For men and women with Alzheimer's disease or other forms of dementia, it can be especially beneficial. Watching movies and TV shows can help keep their brain active, which can stimulate positive memories, improve mood, and even increase socialization.
Playing music, having objects to touch and interact with, and hand massage can all help people with dementia in the later stages. Playlist for Life is a music and dementia charity. It promotes how music with personal meaning can help people with dementia. You can find and listen to existing playlists, or make your own.
These factors lead to the biggest complaints from people who are living with dementia: feelings of loneliness and boredom. Maintaining social connections for these individuals is imperative, but how to do so leaves many caregivers at a loss of what to do.
I'm going to discuss five of the most basic ones here: 1) Don't tell them they are wrong about something, 2) Don't argue with them, 3) Don't ask if they remember something, 4) Don't remind them that their spouse, parent or other loved one is dead, and 5) Don't bring up topics that may upset them.
“People living with Alzheimer's may enjoy talking about their families, friends, and the things they like in life, whether it's a hobby, an old TV show, or their favorite foods.”
This is one of the more common types of progressive dementia. Common signs and symptoms include acting out one's dreams in sleep, seeing things that aren't there (visual hallucinations), and problems with focus and attention. Other signs include uncoordinated or slow movement, tremors, and rigidity (parkinsonism).
Home care is often recommended by experts through end of life. However, every family and situation is different, so permanent home care may not always be possible. Research shows keeping a loved one with dementia at home helps them be happier and live longer; however, it is most impactful when introduced early.
People with dementia begin to feel lost, confused, and insecure. Attention-seeking behavior displayed by needy elderly people with dementia is their way of asking for help.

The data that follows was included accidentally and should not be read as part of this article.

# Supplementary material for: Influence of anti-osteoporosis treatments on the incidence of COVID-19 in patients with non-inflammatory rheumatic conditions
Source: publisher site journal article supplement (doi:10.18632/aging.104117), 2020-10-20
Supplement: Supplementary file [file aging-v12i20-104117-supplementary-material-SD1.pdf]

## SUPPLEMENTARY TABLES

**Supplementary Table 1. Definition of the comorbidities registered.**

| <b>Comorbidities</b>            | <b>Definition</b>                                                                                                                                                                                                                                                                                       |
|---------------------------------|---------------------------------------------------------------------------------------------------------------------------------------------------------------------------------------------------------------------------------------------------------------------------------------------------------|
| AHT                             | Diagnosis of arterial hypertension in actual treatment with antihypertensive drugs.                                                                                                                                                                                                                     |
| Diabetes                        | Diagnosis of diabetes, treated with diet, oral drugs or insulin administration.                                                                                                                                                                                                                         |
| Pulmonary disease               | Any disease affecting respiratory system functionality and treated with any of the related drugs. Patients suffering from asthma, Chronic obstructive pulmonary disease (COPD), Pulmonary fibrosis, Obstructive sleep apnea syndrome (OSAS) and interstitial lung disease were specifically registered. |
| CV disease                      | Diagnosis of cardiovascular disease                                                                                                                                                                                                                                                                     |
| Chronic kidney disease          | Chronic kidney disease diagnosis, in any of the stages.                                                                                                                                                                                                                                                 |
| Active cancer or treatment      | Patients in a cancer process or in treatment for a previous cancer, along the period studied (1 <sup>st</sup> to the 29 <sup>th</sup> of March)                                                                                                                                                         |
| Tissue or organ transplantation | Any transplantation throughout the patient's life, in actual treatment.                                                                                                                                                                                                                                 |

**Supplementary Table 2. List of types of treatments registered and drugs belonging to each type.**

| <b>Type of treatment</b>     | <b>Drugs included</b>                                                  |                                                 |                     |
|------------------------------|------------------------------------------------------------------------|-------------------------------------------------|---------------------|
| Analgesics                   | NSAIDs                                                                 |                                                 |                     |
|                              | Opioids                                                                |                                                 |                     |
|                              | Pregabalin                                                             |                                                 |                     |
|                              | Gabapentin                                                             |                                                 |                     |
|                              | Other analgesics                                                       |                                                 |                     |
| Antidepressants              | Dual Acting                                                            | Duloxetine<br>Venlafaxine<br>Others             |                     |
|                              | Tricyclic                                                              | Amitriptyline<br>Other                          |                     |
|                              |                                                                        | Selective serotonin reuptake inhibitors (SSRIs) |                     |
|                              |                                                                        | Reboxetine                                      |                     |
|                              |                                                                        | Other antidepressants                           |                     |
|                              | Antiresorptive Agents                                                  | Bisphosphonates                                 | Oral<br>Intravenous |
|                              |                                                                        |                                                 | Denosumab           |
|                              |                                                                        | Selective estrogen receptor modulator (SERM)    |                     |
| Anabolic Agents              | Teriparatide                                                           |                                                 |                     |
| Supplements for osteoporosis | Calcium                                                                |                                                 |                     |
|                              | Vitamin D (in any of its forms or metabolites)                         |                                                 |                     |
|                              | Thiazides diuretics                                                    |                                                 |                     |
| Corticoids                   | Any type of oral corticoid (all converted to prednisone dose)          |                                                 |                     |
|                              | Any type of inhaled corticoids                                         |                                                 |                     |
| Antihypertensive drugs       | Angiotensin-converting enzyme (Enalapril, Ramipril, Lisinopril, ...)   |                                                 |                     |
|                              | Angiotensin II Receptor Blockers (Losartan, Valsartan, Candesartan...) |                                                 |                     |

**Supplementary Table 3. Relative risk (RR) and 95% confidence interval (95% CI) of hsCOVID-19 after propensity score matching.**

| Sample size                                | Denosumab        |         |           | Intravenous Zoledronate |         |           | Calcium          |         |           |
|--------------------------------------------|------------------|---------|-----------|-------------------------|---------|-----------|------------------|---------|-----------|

Often when a person with dementia asks to go home it refers to the sense of home rather than home itself. 'Home' may represent memories of a time or place that was comfortable and secure and where they felt relaxed and happier. It could also be an indefinable place that may not physically exist.
The average life expectancy figures for the most common types of dementia are as follows: Alzheimer's disease – around eight to 10 years. Life expectancy is less if the person is diagnosed in their 80s or 90s. A few people with Alzheimer's live for longer, sometimes for 15 or even 20 years.
The Mini-Cog test.
A third test, known as the Mini-Cog, takes 2 to 4 minutes to administer and involves asking patients to recall three words after drawing a picture of a clock. If a patient shows no difficulties recalling the words, it is inferred that he or she does not have dementia.
Introduction: The five-word test (5WT) is a serial verbal memory test with semantic cuing. It is proposed to rapidly evaluate memory of aging people and has previously shown its sensitivity and its specificity in identifying patients with AD.
Stage 6. In stage 6 of dementia, a person may start forgetting the names of close loved ones and have little memory of recent events. Communication is severely disabled and delusions, compulsions, anxiety, and agitation may occur.
Honesty isn't always the best policy when it comes to someone with Alzheimer's or dementia. That's because their brain may experience a different version of reality. Dementia damages the brain and causes progressive decline in the ability to understand and process information.
Restlessness and fidgeting
People with dementia often develop restless behaviours, such as pacing up and down, wandering out of the home and agitated fidgeting. This phase does not usually last for long. Try to: make sure the person has plenty to eat and drink.
The person with dementia usually doesn't remember if you have been there for five minutes or five hours. Ultimately it's better to visit three times per week for 20 minutes than once a week for an hour.
Based on a survey of over 500 adults with dementia and a series of in-depth interviews, the report founds a number of reasons contributing to the loneliness of people with dementia, including: Loss of confidence after diagnosis.
One to two times a month may be doable and appropriate for some families and situations while others may require much less or much more. The true key, however, is consistency. Try to set aside a certain time each month or week to regularly visit the loved one and keep it consistent.